Photo Independent, a first-time fair in which photographic artists self-present, opens at historic Raleigh Studios this weekend concurrent to Paris Photo Los Angeles which rolls out also at a film studio, the venerable Paramount Studios. It all transforms several massive blocks of Melrose Avenue, steeped in film history, into a fine-arts juggernaut.
The ambitious and groundbreaking event, organized to empower artists, is produced by Chris Davies, head honcho of Fabrik Media, an LA-based multifaceted publishing and marketing agency. The goal of the exhibition is to connect professional and emerging photographic artists with curators, galleries, collectors, editors, and arts enthusiasts.
Vetting the participants was a selection committee comprised of top experts in the field: Daniell Cornell, Director of Art, Palm Springs Art Museum, curator, photo-historian and artist, Graham Howe, along with fellow curator Sarah Lee and Eve Schillo, Curatorial Assistant in the Wallis Annenberg Photography Department at the Los Angeles County Museum of Art.
We spoke to Graham Howe, a friend of arts·meme, about the show.
“This is such a clever idea in support of new and emerging artists. I believe it will revolutionize art fairs by enabling artists go directly to their audience of collectors, museum curators, gallerists, and museum groups (such as the Photographic Art Collectors of Los Angeles) by way of their own fair. There are so many highly-talented artists around these days and Chris Davies correctly sensed that something needed to be done to address the gap between the availability of all of this good art and the shortage of public showcases for it. Chris Davies established Photo Independent as a curated event, so the quality is very high.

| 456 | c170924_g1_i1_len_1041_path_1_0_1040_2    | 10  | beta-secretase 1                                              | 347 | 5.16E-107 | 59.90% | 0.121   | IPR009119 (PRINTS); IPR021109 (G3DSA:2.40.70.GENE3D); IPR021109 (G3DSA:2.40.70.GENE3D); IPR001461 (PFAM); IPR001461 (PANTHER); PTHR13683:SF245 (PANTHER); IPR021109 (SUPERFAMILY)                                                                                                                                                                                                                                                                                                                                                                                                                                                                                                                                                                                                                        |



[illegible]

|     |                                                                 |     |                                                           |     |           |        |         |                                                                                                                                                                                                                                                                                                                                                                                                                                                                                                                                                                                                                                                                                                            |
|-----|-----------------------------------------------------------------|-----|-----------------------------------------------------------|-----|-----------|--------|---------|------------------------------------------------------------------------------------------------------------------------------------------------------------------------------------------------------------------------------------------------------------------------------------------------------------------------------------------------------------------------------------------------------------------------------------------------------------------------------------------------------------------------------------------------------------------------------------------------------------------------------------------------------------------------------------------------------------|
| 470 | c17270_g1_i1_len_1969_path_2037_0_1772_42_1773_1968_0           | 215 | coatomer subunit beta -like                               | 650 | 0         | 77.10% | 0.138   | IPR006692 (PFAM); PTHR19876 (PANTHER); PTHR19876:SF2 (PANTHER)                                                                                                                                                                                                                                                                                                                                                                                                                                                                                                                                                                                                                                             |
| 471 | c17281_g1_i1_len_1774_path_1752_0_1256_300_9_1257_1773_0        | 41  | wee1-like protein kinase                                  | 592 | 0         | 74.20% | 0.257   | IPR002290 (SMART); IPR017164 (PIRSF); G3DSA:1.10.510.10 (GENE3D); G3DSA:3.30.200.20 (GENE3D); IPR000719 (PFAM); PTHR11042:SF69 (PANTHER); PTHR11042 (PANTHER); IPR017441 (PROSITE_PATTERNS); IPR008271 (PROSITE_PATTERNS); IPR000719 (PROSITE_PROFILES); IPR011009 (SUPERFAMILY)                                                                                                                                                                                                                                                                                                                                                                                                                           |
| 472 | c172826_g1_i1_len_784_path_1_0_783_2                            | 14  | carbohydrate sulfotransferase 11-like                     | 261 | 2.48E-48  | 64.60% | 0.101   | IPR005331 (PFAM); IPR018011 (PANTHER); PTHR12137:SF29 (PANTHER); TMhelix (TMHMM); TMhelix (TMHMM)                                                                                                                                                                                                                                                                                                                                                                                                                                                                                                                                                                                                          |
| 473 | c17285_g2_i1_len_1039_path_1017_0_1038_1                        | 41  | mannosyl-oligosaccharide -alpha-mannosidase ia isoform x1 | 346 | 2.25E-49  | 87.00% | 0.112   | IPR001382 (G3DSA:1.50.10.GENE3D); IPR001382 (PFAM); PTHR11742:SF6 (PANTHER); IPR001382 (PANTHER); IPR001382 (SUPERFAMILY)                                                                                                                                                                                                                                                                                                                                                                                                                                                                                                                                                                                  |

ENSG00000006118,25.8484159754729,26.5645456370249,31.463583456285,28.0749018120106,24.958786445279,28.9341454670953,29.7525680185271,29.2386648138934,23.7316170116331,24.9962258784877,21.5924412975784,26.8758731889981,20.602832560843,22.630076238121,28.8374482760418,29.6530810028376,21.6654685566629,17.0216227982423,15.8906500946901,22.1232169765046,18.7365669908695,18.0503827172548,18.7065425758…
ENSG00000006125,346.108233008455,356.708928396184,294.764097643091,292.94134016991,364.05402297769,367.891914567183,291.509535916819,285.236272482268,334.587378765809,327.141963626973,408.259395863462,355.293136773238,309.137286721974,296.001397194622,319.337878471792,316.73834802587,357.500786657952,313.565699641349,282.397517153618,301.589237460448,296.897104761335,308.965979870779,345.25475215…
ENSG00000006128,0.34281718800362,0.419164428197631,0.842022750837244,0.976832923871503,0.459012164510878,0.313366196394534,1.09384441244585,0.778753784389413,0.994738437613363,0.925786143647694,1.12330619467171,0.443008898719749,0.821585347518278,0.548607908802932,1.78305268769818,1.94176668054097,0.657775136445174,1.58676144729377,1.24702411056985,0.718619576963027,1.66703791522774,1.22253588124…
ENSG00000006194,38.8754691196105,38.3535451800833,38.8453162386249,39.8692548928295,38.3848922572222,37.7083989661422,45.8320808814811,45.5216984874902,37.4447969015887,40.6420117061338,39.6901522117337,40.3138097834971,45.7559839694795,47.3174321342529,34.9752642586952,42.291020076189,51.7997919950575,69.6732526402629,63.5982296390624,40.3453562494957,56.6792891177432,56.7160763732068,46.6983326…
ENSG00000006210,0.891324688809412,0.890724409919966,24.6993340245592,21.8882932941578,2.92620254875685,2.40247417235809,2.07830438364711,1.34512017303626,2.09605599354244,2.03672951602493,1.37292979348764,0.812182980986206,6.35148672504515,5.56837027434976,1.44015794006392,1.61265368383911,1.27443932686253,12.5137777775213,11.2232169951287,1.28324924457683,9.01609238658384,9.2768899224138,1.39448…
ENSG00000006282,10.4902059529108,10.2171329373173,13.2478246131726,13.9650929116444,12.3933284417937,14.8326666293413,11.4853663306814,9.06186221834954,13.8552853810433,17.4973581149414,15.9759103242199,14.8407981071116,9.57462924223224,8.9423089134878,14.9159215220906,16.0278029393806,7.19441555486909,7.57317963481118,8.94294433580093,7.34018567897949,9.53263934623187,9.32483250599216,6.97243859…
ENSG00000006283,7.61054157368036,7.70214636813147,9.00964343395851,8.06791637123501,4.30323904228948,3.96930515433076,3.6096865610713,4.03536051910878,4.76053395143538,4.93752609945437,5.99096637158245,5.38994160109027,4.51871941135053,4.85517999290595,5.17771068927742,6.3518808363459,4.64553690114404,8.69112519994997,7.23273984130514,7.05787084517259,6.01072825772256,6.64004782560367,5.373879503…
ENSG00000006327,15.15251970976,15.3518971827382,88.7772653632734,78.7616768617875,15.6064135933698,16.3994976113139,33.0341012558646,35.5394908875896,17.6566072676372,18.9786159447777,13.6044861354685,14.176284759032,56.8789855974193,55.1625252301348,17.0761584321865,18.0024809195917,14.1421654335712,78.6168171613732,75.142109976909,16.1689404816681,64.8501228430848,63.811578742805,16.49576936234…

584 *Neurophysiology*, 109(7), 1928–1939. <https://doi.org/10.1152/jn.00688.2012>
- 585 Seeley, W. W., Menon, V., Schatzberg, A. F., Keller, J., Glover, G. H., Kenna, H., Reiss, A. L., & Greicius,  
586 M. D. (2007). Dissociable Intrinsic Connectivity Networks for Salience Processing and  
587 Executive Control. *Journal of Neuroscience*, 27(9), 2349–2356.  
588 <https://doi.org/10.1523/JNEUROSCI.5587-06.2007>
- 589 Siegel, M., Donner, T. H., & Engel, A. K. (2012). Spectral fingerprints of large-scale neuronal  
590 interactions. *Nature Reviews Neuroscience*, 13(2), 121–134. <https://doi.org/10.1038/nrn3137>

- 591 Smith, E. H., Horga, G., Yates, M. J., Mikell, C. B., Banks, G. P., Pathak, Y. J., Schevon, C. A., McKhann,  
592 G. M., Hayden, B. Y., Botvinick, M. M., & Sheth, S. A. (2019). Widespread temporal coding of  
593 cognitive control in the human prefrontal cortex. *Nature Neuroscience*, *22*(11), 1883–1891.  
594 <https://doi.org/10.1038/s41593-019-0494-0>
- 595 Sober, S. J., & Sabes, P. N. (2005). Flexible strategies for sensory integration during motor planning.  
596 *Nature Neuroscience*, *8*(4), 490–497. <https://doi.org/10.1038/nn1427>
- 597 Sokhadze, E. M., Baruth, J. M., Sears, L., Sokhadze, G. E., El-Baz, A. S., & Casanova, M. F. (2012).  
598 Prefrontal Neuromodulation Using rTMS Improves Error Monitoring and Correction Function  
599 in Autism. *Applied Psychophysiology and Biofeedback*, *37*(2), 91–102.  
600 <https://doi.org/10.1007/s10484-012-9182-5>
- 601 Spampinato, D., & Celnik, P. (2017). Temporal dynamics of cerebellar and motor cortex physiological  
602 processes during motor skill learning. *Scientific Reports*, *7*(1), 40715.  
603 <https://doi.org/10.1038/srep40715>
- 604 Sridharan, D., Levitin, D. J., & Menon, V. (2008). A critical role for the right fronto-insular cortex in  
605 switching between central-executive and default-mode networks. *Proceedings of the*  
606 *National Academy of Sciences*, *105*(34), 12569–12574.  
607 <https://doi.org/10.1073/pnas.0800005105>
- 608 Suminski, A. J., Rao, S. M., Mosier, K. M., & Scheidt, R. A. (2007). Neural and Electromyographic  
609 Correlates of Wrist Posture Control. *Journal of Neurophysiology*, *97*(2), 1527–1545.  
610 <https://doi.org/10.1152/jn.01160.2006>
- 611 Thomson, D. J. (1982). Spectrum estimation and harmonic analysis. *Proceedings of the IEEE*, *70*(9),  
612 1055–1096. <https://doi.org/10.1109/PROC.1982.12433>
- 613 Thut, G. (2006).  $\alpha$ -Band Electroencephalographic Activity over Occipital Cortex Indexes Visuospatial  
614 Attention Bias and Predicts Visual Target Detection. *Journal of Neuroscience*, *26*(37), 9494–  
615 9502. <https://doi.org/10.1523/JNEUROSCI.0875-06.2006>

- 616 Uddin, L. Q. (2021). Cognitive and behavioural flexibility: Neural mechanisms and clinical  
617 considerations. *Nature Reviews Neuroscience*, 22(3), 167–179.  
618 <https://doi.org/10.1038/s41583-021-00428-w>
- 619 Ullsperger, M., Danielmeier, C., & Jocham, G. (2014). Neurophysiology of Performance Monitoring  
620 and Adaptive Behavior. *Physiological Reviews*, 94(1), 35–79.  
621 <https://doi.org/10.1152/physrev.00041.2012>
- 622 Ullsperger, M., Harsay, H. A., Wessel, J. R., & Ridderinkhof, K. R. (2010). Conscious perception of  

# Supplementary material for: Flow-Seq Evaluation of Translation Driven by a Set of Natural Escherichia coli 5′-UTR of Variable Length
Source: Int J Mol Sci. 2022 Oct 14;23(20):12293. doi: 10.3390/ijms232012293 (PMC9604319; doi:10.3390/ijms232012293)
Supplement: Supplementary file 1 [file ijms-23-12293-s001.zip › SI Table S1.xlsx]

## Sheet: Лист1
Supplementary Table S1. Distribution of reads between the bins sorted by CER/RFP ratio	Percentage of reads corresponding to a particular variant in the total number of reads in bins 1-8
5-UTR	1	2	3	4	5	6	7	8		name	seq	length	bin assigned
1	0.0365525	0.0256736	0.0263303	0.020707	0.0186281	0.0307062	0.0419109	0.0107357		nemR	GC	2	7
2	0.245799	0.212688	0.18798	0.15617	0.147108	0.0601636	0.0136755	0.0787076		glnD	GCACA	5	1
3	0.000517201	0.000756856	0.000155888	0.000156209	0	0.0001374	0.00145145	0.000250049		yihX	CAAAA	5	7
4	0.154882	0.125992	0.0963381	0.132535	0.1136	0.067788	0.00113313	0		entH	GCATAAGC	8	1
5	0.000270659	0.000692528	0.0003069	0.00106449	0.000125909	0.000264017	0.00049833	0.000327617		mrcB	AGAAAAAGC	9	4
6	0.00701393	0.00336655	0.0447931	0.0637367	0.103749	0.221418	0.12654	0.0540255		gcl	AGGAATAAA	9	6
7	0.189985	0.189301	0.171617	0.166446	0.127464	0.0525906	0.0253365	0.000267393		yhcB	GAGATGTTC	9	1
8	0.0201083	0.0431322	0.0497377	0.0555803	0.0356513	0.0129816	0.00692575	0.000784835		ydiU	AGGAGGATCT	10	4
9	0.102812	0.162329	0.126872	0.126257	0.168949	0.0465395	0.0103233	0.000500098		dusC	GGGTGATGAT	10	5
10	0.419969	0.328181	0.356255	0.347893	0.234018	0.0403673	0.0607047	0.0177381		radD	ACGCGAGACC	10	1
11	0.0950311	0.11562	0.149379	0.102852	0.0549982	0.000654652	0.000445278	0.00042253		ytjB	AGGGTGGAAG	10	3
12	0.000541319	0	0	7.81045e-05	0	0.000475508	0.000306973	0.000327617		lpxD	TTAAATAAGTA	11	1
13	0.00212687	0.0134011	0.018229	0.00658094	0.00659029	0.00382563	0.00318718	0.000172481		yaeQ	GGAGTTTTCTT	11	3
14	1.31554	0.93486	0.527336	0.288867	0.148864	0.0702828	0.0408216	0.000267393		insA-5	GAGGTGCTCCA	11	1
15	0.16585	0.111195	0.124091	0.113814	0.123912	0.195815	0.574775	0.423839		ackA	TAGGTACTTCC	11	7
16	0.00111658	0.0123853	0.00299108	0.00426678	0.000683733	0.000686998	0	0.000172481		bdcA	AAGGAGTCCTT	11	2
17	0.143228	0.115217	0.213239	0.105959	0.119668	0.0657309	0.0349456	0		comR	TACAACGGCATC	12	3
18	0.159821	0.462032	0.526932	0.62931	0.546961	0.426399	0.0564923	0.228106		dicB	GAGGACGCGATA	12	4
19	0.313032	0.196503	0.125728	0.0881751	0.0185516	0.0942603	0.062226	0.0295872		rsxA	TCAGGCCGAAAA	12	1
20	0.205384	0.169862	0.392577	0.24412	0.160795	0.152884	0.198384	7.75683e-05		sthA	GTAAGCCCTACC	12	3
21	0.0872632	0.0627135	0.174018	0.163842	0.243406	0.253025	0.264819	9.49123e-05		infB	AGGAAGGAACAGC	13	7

“With Photo Independent we have the beginning of the Paris Photo LA ‘fringe.’ This not only adds valuable support to Paris Photo LA as the main event, it also drives more people to both events. It’s a marvelously synergistic idea.
“From one hundred fifty applicants we culled seventy to participate. There was a real sense of trying to make it work, as it is the first year. And there are some really amazing people involved.”
Whom does Howe like in particular?
“Philipp Scholz Rittermann is a marvelous photographer who is showing us what is under the hood of behind-the-scenes industrial China. His large-scale panoramas read like Hieronymus Bosch paintings, with an active subject in every corner.”
Howe also likes Elisabeth Sunday from the Bay area, whose sculptural portraits of Ghanaian and Ethiopian men and women lean on abstraction to activate their metaphor and poetry.
Ian Provest, an Australian artist and yoga guru is another Howe pick. “Provest takes us on a ritual journey in a cavernous factory once used as an abattoir. It is as if his semi-naked figures passing ghost-like in the space lit by thousands of candles are there to appease the restless spirits.”
Photo Independent | Raleigh Studios | April 25-27